“Our perspective is that any hospital or institution that receives any form of government payment should be compelled, by law, to share their information—under patient control—securely and confidentially. And this has been amazingly difficult from a business side, a philosophy side, and a confidentiality side, much more so than a technical side,” says Avrin. “We’re just making life hard for ourselves—and very expensive. It leads to incomplete information across boundaries of care, repeat studies at expense, and [additional unnecessary] radiation exposure.”
This demonstration project has the potential to be a step toward better collaboration among medical institutions. But even after the legal issues are settled, and there’s no reason to believe they won’t be, there is one more question that needs to be answered: If you build it, will they come? The success of the project hinges on persuading patients to participate.
Paul J. Chang, MD, FSIIM, a professor of radiology and vice chair of radiology informatics at the University of Chicago and principal investigator at the Chicago site, says patients may be reluctant to sign up for the project because of concerns about how their University of Chicago records will be handled at facilities that don’t have access to the edge server, including other hospitals in the Chicago area. He says the hospital also doesn’t want to be seen as favoring one PHR or group of PHRs over another. Chang believes the best way to deal with these issues is to be completely transparent about the process, offer patients as many options as possible, and develop a marketing strategy.
“I want to come up with a marketing strategy where I can encourage people to use it because [that provides a way to] articulate a reason for them to use it,” Chang says. “That’s going to be important and nontrivial as well.”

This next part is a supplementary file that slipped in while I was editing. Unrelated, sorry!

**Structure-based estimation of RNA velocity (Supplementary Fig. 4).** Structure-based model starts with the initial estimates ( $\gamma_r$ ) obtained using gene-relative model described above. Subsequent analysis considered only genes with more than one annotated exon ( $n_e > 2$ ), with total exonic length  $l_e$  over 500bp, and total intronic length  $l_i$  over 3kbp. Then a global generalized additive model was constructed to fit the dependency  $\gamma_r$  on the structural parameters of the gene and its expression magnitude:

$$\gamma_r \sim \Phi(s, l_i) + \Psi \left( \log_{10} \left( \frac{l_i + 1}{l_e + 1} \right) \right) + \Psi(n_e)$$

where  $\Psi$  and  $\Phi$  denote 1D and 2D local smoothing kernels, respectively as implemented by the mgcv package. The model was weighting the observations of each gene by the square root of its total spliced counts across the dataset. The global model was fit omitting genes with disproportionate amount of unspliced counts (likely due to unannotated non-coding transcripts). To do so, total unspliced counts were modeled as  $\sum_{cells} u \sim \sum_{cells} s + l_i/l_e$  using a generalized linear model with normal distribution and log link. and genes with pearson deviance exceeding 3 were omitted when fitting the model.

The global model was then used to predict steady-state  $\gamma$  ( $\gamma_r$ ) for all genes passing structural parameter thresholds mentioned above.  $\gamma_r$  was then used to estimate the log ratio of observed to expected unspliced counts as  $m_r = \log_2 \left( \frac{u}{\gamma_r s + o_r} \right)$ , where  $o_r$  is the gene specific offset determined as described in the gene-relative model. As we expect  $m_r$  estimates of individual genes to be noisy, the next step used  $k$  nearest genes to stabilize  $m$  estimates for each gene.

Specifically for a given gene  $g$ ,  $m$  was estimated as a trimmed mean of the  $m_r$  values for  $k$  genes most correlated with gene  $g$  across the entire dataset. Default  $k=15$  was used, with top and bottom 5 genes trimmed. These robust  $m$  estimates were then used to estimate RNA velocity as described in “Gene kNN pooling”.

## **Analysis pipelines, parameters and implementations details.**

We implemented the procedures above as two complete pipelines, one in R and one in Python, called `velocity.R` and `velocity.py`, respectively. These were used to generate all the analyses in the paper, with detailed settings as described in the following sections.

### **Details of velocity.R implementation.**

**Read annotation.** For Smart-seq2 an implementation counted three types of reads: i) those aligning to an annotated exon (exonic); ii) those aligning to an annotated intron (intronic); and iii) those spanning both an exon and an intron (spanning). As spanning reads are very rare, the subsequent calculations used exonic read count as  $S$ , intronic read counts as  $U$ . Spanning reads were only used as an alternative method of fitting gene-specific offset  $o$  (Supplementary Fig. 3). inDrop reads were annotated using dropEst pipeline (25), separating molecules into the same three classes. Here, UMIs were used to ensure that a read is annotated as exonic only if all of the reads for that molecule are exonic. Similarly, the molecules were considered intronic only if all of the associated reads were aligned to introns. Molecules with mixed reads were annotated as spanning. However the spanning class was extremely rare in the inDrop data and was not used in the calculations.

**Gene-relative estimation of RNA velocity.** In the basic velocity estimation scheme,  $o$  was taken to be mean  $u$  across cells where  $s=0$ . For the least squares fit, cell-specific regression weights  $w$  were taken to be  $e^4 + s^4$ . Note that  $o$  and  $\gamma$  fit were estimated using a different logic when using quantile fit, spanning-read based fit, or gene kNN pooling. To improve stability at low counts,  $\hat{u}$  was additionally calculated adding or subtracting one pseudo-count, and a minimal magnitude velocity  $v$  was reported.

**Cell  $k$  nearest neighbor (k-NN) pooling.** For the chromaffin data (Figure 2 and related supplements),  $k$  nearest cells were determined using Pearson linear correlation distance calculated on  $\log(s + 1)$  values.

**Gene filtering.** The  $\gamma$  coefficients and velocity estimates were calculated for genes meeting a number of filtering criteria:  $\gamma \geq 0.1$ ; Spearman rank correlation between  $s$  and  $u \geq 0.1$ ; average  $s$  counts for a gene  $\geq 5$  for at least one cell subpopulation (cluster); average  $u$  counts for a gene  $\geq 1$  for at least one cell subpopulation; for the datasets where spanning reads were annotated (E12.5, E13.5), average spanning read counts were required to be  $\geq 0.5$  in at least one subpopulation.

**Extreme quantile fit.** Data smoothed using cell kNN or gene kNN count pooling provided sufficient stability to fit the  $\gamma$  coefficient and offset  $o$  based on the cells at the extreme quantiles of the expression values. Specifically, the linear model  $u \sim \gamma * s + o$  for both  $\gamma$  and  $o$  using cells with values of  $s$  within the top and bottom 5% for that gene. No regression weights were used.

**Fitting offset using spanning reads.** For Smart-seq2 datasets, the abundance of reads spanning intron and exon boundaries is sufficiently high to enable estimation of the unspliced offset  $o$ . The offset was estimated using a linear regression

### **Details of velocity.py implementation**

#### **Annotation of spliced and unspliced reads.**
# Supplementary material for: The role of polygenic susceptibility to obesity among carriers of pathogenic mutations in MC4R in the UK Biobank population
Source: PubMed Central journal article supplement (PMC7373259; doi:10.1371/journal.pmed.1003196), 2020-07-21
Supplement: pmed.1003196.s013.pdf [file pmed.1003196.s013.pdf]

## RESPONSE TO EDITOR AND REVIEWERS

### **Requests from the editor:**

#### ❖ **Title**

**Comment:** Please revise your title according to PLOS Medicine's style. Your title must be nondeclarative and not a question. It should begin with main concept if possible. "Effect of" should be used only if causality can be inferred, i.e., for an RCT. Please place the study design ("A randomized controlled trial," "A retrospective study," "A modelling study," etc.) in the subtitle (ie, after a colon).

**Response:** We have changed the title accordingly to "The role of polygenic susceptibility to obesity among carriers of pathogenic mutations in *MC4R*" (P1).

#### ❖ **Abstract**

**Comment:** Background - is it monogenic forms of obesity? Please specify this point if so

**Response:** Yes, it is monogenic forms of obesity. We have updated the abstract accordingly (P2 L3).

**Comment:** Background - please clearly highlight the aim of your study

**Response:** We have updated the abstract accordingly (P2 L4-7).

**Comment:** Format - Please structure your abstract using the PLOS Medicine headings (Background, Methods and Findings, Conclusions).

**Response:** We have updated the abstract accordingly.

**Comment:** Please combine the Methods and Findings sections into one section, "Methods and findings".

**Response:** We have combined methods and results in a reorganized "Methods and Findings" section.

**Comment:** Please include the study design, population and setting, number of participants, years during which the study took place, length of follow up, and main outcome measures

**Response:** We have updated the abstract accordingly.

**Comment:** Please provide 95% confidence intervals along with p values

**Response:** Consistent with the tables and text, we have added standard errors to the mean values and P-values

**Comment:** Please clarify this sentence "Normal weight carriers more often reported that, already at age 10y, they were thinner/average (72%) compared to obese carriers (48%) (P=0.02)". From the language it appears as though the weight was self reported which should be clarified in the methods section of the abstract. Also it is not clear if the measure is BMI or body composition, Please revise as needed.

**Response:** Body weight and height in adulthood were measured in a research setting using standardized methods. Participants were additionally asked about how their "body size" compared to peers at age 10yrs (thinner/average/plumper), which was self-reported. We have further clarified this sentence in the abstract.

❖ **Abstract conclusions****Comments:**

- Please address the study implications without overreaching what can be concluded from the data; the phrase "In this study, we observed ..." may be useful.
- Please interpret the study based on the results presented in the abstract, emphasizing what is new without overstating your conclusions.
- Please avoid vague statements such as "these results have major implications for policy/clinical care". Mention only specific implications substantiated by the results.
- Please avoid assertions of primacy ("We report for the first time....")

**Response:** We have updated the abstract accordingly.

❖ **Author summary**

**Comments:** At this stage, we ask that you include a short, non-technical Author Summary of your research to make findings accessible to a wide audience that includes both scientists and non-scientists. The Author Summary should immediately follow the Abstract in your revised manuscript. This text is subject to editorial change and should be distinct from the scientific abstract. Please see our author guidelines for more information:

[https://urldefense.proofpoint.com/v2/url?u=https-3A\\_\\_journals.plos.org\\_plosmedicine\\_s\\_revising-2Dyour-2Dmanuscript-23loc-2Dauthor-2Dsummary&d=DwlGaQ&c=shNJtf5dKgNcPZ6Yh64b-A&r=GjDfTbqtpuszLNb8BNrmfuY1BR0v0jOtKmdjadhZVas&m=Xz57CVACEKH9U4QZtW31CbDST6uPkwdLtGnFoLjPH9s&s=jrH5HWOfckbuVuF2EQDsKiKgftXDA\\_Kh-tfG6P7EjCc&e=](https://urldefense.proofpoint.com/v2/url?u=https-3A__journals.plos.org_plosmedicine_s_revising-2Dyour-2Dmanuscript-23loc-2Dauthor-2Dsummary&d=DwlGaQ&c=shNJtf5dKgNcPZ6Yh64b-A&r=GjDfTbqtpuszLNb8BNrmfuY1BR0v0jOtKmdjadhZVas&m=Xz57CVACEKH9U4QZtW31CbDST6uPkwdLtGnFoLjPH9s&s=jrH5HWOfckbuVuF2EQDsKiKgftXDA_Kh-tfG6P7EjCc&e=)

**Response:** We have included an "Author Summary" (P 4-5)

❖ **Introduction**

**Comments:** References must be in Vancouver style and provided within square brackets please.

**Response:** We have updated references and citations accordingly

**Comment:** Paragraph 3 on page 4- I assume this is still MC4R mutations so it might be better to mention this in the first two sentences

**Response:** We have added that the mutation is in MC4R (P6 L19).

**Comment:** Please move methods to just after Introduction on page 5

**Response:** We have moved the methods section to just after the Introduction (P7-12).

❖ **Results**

The Ultimate Goal
Once the business arrangements are finalized, the real test of the project’s effectiveness will begin. It is set up to accommodate as many as 300,000 patient records, and each site is supposed to enroll three local competitors to test whether sharing data in this manner decreases repeat imaging. But success can be measured in different ways. Initially, it will be measured by how many patients sign up and how well it manages their information. But it may also provide an opportunity for facilities to look at their data in new ways.
Although medical facilities are transitioning from paper records to digital records, the digital repositories are still organized in discrete blocs. And facilities are still constrained by having to transfer records on physical media. Siegel says easing the barriers to information sharing and creating a patient-centric record have the potential to not only eliminate physical media but also allow more effective record searches across patient records that are currently stored separately in multiple hospital and outpatient office records, potentially saving time and improving patient care.